The 10 Stages of the Business Lifecycle

Business Lifecycle: for Exploration to Execution
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Most business models go through a number of lifecycle stages. These stages determine how people should go about running the business. Young, immature business models should mainly focus on experimentation and exploration of customer needs. Older, mature business models will usually focus more on execution and the optimization of proven value streams. You can use this overview to evaluate the maturity of your business model.

Stage 1: Initiation

There is a founder or a co-founding team of the business, but the business is still just an idea, concept, or vision. The customer’s need for a solution (Problem/Solution Fit) is not yet validated. The available time and resources are mostly self-funded by the founder or budgeted by external managers.

Business Lifecycle stage 1: Initiation

 

Stage 2: Expedition

The business is now more than just an idea, concept, or founder’s vision. But it is not clear what is the core business or the value proposition. There are defined business model hypotheses that must be validated. The business has a startup culture. Repeatability and scalability of the business model are not confirmed. The business model is being tested with prototypes or MVPs.

Stage 3: Formation

The customer’s need for a solution (Problem/Solution Fit) is now validated. People are willing to pay to get their problems solved. There is a high-level strategy for the future of the business, but Product/Market Fit (customers loving the product or service) is not yet validated.

Stage 4: Validation

The business is focused on validating Product-Market fit. The startup works autonomously, and the available time and resources are not self-funded or externally budgeted anymore. Instead, the business is externally funded by angels, VCs, or a larger corporation. There are formal agreements for business owners and team members. The founder or founding team is 100% committed to the business.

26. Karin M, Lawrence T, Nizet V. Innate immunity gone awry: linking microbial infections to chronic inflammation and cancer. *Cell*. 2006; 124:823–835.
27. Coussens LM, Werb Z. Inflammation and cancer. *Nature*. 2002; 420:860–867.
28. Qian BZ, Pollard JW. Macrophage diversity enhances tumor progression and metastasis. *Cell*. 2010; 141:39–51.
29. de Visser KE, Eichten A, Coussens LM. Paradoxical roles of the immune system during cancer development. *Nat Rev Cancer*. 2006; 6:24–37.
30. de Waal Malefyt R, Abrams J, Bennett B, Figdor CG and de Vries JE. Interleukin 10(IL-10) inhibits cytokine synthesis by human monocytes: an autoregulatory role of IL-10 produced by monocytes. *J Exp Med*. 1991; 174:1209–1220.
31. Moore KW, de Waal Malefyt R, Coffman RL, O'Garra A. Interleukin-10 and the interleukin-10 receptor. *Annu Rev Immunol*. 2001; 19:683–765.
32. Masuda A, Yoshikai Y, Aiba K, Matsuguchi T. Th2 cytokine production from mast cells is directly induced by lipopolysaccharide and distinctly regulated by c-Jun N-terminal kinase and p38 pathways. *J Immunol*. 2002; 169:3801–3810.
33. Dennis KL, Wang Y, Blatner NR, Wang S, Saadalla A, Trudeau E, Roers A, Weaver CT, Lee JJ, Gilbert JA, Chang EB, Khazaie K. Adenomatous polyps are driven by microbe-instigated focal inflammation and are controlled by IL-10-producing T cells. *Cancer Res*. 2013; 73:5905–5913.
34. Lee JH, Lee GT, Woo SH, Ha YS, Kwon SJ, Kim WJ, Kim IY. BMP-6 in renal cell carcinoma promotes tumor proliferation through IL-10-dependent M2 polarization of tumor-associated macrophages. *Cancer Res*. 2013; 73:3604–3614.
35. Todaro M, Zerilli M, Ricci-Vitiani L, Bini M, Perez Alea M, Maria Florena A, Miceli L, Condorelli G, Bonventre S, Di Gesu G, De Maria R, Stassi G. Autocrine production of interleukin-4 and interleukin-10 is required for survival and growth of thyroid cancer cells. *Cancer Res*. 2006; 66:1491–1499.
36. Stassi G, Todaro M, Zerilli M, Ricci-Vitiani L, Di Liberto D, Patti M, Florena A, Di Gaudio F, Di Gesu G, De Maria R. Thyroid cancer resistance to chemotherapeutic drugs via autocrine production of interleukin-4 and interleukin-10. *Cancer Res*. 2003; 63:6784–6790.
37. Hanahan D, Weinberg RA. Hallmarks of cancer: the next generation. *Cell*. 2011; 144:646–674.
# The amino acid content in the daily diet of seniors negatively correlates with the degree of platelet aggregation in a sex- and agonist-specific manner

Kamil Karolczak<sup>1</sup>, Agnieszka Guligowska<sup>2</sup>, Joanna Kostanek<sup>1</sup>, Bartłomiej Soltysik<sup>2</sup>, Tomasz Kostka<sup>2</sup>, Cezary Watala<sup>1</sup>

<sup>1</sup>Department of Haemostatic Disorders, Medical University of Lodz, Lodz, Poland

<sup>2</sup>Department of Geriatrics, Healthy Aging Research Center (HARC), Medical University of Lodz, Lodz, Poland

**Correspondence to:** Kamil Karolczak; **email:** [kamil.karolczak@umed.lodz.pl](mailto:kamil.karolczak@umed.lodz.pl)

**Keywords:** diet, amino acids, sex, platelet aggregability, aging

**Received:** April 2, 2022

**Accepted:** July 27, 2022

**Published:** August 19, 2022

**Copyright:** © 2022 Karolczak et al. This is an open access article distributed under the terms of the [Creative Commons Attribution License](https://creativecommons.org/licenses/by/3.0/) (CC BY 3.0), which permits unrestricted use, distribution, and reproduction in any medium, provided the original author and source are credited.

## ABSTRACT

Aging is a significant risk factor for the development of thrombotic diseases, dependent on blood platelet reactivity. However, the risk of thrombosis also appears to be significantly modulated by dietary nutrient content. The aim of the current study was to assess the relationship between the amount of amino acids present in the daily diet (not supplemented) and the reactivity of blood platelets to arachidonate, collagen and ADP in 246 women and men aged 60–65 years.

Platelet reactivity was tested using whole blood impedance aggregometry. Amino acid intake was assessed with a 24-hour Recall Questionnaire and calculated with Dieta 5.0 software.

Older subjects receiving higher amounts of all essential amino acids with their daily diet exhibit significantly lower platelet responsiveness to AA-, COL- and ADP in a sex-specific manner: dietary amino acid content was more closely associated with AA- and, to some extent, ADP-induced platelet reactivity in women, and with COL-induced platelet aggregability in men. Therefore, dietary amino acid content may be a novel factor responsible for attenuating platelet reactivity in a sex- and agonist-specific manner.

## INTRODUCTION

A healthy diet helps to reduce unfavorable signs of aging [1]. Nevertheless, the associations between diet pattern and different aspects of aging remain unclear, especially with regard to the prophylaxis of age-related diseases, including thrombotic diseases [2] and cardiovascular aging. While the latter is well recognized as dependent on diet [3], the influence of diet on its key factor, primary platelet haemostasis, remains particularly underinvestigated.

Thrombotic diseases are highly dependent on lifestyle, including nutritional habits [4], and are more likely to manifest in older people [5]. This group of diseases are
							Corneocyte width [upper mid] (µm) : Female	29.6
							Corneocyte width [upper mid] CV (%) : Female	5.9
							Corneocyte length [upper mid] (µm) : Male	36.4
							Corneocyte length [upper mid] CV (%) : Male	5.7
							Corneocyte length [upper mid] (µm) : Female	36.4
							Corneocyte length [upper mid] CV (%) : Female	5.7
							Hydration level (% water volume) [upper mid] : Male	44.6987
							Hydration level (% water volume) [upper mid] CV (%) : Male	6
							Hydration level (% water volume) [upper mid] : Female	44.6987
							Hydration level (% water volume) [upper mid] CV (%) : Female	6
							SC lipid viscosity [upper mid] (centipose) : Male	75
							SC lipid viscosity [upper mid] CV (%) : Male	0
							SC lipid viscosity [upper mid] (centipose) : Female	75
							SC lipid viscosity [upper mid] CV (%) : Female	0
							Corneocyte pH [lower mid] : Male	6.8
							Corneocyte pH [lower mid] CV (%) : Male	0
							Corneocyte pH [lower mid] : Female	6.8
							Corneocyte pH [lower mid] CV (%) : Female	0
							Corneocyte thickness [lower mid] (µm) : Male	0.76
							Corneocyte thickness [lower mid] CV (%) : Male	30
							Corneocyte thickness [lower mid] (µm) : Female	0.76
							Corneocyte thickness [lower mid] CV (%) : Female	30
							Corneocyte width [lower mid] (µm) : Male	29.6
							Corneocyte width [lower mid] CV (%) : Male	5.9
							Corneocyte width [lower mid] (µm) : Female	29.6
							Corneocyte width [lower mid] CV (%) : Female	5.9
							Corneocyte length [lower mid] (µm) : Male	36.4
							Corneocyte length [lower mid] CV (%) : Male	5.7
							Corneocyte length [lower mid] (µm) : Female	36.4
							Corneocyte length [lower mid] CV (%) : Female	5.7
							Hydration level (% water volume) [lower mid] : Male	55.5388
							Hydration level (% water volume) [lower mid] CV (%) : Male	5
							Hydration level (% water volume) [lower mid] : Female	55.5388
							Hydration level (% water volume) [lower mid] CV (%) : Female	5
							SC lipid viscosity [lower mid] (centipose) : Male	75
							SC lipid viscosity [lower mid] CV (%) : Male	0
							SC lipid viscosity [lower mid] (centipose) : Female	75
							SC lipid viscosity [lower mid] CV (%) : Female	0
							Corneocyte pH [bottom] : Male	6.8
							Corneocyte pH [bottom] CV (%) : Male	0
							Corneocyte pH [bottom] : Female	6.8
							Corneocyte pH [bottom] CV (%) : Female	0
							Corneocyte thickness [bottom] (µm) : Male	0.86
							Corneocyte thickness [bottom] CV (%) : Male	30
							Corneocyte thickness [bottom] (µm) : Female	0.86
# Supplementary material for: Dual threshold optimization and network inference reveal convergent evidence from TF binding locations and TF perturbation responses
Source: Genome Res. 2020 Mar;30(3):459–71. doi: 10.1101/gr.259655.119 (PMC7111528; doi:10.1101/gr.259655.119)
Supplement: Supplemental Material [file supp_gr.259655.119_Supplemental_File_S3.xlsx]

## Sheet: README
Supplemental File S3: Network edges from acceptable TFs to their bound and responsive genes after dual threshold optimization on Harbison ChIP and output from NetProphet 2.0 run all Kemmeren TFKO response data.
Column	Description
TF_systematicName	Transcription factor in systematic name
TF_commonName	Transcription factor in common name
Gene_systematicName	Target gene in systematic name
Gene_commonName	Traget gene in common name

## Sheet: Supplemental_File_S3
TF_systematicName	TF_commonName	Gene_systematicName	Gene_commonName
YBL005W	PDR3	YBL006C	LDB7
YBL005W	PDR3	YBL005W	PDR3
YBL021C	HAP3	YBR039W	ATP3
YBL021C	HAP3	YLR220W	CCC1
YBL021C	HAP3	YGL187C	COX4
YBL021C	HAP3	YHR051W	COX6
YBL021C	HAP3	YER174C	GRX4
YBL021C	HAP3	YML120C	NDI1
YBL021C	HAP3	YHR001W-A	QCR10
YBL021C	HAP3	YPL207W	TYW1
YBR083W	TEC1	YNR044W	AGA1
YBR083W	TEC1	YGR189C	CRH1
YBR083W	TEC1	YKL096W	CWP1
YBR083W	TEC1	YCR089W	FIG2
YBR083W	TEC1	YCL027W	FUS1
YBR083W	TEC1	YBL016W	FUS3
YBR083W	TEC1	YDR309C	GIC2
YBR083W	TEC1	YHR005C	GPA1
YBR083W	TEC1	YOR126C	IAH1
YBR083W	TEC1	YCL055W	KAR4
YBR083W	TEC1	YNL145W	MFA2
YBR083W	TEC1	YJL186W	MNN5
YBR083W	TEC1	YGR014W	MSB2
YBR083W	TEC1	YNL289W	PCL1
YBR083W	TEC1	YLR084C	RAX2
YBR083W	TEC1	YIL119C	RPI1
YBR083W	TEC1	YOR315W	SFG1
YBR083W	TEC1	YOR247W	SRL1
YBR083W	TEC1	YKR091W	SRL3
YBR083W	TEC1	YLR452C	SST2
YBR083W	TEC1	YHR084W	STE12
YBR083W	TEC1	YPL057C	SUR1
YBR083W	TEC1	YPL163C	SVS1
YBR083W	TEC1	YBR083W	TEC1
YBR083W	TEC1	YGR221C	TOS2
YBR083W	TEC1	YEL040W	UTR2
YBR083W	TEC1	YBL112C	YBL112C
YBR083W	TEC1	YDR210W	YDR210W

Stage 5: Stabilization

Product/Market Fit (customers loving the product or service) is now validated. There is evidence of traction, retention, growth, or revenue. It is now clear what is the core business and the value proposition. The market appears to be large enough for a sustainable business. The product or service is focused (without having many flavors, colors, or variants), and the growth of sales is rising (or it is even exponential).

 

Business Lifecycle Stage 5: Stabilization

Stage 6: Acceleration

The business does not need to focus anymore on Product-Market fit. Repeatability and scalability of the business model are validated. There are no business model hypotheses anymore that need to be validated, and the business model needs no more testing with prototypes or MVPs. There are competitors with similar products and known market shares. The business stops having a startup culture, and it starts investing in new ideas, products, and services. The business has processes for sales, recruitment, and product quality, and there is a management team (which is different from the founding team).

Stage 7: Crystallization

The business is one of the market leaders. The business is profitable and financially self-supporting, and it needs no more external funding by angels, VCs, or a larger corporation. The growth of the business drops to linear growth. The business can create (somewhat reliable) revenue forecasts, and it has a focus on efficiency and cost-cutting.

Stage 8: Expansion

The product or service becomes unfocused with the introduction of many flavors, colors, or variants, and it becomes bloated with (too) many features. There is no founder or co-founding team of the business anymore, or they are not 100% committed to the business. Parts of the business are being sold off to other companies.

Stage 9: Conservation

The business model stops being validated, repeatable, or scaleable. Revenues and profits of the business are declining. The business stops having a high-level strategy for the future. It also stops investing in new ideas, products, and services. Many customers move to a newer or competing product or service.

Business Lifecycle Stage 9: Conservation

 

Stage 10: Finish

The end-of-lifetime of the product or service is scheduled and near. The closure of the business is imminent.

 

 

So, which stage is your business in? Try the exercise or test below to find out!

These 10 stages are described in more detail in chapter 2 of the book Startup, Scaleup, Screwup. Do you want to receive a free PDF of that chapter? Sign up here.

Download the Business Lifecycle cards and questions

Do the online Business Model Maturity Test

Check out the Business Lifecycle Game

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